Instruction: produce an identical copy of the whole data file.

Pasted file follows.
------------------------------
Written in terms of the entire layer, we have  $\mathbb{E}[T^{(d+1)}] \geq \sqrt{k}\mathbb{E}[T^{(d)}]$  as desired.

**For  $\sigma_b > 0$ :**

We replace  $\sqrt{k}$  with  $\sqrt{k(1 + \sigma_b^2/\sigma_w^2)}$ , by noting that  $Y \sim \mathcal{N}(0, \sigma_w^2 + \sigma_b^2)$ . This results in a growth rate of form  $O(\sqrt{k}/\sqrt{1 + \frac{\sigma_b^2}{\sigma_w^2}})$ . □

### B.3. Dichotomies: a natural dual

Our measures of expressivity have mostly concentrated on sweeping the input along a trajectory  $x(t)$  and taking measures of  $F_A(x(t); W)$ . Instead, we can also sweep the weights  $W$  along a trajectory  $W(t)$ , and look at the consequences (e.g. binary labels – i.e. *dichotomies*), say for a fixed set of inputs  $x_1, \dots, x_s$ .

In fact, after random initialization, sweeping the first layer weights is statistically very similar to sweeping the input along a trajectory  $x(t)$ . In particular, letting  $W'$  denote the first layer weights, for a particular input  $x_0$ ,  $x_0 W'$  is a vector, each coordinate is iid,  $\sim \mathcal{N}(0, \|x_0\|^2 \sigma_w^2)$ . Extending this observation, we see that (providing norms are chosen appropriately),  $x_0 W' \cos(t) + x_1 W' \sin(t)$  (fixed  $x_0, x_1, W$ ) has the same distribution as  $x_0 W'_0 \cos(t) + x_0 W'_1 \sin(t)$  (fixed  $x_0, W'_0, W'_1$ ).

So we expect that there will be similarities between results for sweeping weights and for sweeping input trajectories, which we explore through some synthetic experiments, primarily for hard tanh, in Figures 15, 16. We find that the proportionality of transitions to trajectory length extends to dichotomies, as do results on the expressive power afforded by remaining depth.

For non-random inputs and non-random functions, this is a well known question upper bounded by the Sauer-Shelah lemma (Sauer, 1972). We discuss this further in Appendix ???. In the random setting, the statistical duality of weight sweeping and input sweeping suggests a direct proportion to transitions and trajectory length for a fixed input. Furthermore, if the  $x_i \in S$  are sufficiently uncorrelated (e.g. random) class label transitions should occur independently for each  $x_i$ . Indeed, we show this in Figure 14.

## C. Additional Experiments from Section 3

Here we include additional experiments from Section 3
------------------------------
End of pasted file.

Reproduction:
Written in terms of the entire layer, we have  $\mathbb{E}[T^{(d+1)}] \geq \sqrt{k}\mathbb{E}[T^{(d)}]$  as desired.

**For  $\sigma_b > 0$ :**

We replace  $\sqrt{k}$  with  $\sqrt{k(1 + \sigma_b^2/\sigma_w^2)}$ , by noting that  $Y \sim \mathcal{N}(0, \sigma_w^2 + \sigma_b^2)$ . This results in a growth rate of form  $O(\sqrt{k}/\sqrt{1 + \frac{\sigma_b^2}{\sigma_w^2}})$ . □

### B.3. Dichotomies: a natural dual

Our measures of expressivity have mostly concentrated on sweeping the input along a trajectory  $x(t)$  and taking measures of  $F_A(x(t); W)$ . Instead, we can also sweep the weights  $W$  along a trajectory  $W(t)$ , and look at the consequences (e.g. binary labels – i.e. *dichotomies*), say for a fixed set of inputs  $x_1, \dots, x_s$ .

In fact, after random initialization, sweeping the first layer weights is statistically very similar to sweeping the input along a trajectory  $x(t)$ . In particular, letting  $W'$  denote the first layer weights, for a particular input  $x_0$ ,  $x_0 W'$  is a vector, each coordinate is iid,  $\sim \mathcal{N}(0, \|x_0\|^2 \sigma_w^2)$ . Extending this observation, we see that (providing norms are chosen appropriately),  $x_0 W' \cos(t) + x_1 W' \sin(t)$  (fixed  $x_0, x_1, W$ ) has the same distribution as  $x_0 W'_0 \cos(t) + x_0 W'_1 \sin(t)$  (fixed  $x_0, W'_0, W'_1$ ).

So we expect that there will be similarities between results for sweeping weights and for sweeping input trajectories, which we explore through some synthetic experiments, primarily for hard tanh, in Figures 15, 16. We find that the proportionality of transitions to trajectory length extends to dichotomies, as do results on the expressive power afforded by remaining depth.

For non-random inputs and non-random functions, this is a well known question upper bounded by the Sauer-Shelah lemma (Sauer, 1972). We discuss this further in Appendix ???. In the random setting, the statistical duality of weight sweeping and input sweeping suggests a direct proportion to transitions and trajectory length for a fixed input. Furthermore, if the  $x_i \in S$  are sufficiently uncorrelated (e.g. random) class label transitions should occur independently for each  $x_i$ . Indeed, we show this in Figure 14.

## C. Additional Experiments from Section 3

Here we include additional experiments from Section 3